Meet James Foley—a 40 year-old American photojournalist from New Hampshire. He’s a former teacher and mentor who was committed to helping individuals improve their lives. He’s a son, a colleague, a big brother of five and a friend. His family calls him Jim.


“Everybody, everywhere, takes a liking to Jim as soon as they meet him,” writes fellow journalist Clare Gillis about Foley in an essay for The Atlantic.


He’s also the man in the orange jumpsuit who was beheaded in the graphic video with the title “A Message to America,” posted on social media by members of the Islamic State on Tuesday. Foley was kidnapped by unidentified gunmen in northwest Syria on Thanksgiving Day, Nov. 22, 2012, and remained missing until the video surfaced. The National Security Council confirmed its authenticity Wednesday.


Foley documented the suffering and terror in the Middle East, reporting from countries like Libya, Afghanistan and Syria. He gave faces to the people and stories to the battles. He got adrenaline from reporting and lived to expose the Middle East to audiences across the world.


His mother Diane Foley released this statement on Facebook after the video was exposed:

We have never been prouder of our son Jim. He gave his life trying to expose the world to the suffering of the Syrian people. We implore the kidnappers to spare the lives of the remaining hostages. Like Jim, they are innocents. They have no control over American government policy in Iraq, Syria or anywhere in the world. We thank Jim for all the joy he gave us. He was an extraordinary son, brother, journalist and person. Please respect our privacy in the days ahead as we mourn and cherish Jim.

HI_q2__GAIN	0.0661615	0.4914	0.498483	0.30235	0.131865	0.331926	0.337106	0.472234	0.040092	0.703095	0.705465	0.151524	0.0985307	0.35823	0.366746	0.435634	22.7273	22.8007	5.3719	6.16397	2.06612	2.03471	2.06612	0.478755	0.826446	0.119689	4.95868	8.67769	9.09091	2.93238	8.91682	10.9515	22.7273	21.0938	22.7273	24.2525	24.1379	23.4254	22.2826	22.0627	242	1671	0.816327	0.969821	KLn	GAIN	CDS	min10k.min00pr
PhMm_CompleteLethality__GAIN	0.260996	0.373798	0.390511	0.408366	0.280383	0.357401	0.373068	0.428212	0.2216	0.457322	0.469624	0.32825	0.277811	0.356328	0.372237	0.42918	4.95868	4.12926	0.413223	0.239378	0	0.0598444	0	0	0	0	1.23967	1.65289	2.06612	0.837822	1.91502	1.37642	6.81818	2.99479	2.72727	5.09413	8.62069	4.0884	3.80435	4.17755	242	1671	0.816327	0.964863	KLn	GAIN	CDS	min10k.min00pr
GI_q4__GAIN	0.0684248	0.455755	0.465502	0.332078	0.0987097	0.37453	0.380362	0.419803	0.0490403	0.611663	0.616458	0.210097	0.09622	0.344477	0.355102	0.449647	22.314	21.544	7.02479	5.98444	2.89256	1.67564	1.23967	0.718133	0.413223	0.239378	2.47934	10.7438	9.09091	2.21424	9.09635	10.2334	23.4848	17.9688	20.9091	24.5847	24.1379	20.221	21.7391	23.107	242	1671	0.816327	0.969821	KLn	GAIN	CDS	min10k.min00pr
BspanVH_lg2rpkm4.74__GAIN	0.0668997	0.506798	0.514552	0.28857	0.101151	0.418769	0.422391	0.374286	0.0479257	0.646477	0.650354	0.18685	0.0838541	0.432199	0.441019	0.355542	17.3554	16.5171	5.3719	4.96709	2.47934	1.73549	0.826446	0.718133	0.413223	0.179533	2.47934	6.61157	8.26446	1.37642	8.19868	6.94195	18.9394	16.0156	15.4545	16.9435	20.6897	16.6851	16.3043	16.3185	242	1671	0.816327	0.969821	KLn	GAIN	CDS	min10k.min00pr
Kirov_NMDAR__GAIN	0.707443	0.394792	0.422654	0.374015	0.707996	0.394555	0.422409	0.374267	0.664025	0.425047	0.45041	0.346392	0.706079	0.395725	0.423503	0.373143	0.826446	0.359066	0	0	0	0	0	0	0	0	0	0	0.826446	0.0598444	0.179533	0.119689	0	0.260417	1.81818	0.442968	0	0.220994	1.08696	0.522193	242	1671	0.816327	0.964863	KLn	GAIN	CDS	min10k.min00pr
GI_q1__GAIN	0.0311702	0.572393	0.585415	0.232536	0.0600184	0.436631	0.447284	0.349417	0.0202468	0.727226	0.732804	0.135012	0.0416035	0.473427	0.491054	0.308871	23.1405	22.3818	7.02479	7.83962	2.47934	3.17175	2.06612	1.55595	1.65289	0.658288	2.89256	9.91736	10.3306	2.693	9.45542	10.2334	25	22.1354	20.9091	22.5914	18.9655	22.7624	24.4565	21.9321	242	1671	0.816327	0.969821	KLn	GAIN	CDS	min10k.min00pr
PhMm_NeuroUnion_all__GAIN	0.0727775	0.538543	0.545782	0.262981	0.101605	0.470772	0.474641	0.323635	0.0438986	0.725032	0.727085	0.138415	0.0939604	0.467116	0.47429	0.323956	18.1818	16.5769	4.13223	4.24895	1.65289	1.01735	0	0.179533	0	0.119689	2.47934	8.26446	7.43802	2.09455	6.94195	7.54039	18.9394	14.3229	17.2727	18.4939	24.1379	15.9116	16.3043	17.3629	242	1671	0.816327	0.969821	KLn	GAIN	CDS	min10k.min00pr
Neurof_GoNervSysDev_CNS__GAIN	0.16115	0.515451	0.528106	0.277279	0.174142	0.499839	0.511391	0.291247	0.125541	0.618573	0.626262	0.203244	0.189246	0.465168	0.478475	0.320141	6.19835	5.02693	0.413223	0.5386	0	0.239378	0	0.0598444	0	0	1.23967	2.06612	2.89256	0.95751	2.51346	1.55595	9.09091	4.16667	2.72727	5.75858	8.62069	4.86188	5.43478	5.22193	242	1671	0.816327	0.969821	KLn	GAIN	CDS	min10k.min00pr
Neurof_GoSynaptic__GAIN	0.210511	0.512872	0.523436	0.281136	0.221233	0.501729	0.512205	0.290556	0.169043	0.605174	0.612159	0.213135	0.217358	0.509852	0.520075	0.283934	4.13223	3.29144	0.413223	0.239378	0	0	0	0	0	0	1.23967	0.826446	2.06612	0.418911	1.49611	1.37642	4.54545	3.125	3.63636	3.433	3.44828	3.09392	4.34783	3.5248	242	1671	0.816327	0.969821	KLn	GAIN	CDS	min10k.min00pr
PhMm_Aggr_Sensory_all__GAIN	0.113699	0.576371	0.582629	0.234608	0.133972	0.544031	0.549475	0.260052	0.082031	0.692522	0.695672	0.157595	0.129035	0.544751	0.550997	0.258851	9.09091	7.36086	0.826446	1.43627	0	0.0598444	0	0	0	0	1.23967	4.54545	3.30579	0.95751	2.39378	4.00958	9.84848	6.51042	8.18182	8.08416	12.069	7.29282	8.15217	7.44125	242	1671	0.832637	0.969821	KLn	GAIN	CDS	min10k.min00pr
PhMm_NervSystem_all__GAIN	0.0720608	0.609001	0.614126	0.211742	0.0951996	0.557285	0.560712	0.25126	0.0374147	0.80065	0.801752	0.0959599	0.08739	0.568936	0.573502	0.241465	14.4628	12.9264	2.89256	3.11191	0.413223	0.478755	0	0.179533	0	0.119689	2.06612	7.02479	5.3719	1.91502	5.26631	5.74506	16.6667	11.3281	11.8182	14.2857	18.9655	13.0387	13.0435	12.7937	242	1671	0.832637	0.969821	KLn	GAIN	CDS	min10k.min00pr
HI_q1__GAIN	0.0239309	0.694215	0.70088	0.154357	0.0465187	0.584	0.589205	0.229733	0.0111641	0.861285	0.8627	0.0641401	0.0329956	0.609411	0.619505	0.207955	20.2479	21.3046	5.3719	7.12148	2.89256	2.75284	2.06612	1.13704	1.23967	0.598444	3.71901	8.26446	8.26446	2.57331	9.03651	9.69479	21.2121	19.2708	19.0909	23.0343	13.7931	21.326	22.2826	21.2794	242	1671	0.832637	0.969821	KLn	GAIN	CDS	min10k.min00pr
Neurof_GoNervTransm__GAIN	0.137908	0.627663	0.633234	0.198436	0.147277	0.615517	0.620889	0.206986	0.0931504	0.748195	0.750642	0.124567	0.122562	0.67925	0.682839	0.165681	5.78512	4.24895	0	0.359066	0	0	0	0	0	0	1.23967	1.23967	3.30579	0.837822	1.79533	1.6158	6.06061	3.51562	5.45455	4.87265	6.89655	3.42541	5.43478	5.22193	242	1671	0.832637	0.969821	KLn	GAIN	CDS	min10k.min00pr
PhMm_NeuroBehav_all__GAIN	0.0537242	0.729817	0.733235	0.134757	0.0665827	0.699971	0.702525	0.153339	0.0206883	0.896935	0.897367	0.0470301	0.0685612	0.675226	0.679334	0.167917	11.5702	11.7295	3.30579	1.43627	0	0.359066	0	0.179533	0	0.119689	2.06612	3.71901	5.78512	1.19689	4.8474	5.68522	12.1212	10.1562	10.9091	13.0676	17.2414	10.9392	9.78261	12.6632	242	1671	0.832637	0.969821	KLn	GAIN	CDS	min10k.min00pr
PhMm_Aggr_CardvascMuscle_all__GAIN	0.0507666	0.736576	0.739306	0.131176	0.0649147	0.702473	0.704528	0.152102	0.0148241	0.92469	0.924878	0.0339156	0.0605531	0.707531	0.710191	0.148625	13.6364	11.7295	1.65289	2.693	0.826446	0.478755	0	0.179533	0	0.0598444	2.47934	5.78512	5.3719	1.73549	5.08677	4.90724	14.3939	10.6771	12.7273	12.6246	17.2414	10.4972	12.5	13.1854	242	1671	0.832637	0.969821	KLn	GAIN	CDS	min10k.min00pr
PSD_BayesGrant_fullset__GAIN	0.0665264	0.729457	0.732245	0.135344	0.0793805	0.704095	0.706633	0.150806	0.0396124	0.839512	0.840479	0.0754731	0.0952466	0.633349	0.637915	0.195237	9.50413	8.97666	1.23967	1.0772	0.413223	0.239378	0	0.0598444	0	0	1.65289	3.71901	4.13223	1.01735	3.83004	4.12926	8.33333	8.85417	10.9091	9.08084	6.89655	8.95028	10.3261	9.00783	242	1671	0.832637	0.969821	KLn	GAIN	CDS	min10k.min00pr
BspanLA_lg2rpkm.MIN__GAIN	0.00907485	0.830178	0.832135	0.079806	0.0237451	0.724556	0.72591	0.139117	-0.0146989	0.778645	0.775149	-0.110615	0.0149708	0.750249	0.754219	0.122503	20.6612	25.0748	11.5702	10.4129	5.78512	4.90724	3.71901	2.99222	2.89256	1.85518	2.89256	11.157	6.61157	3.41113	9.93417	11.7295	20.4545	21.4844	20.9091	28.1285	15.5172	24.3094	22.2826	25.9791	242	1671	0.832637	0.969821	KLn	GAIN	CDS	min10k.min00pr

In early 2011 and Foley was kidnapped with three other journalists while working for the GlobalPost, covering the civil war in Libya. They were brought to Tripoli, and kept there for 44 days.

GlobalPost CEO and co-founder Philip Balboni told MSNBC’s Andrea Mitchell:

We’re broken-hearted about it. Jim was a man of incredible bravery and courage, and he showed that right until the horrific end.


While in captivity in Tripoli, Foley said he relied on prayer and company of another captured journalist to give him hope.

I began to pray the rosary. It was what my mother and grandmother would have prayed. I said 10 Hail Marys between each Our Father. It took a long time, almost an hour to count 100 Hail Marys off on my knuckles. And it helped to keep my mind focused. Clare and I prayed together out loud. It felt energizing to speak our weaknesses and hopes together, as if in a conversation with God, rather than silently and alone.


If nothing else, prayer was the glue that enabled my freedom, an inner freedom first and later the miracle of being released during a war in which the regime had no real incentive to free us. It didn’t make sense, but faith did.


After his return to America and decision to go back, he admitted he lived for the natural endorphins storytelling and uncertainty gave him.

You don’t want to be defined as that guy who got captured in 2011.


It’s a struggle because there is always that allure for some people of combat. There is always that sort of high of being close to combat … and then being able to come back and tell that story.

Rest in peace James Foley, and thank you for your courage.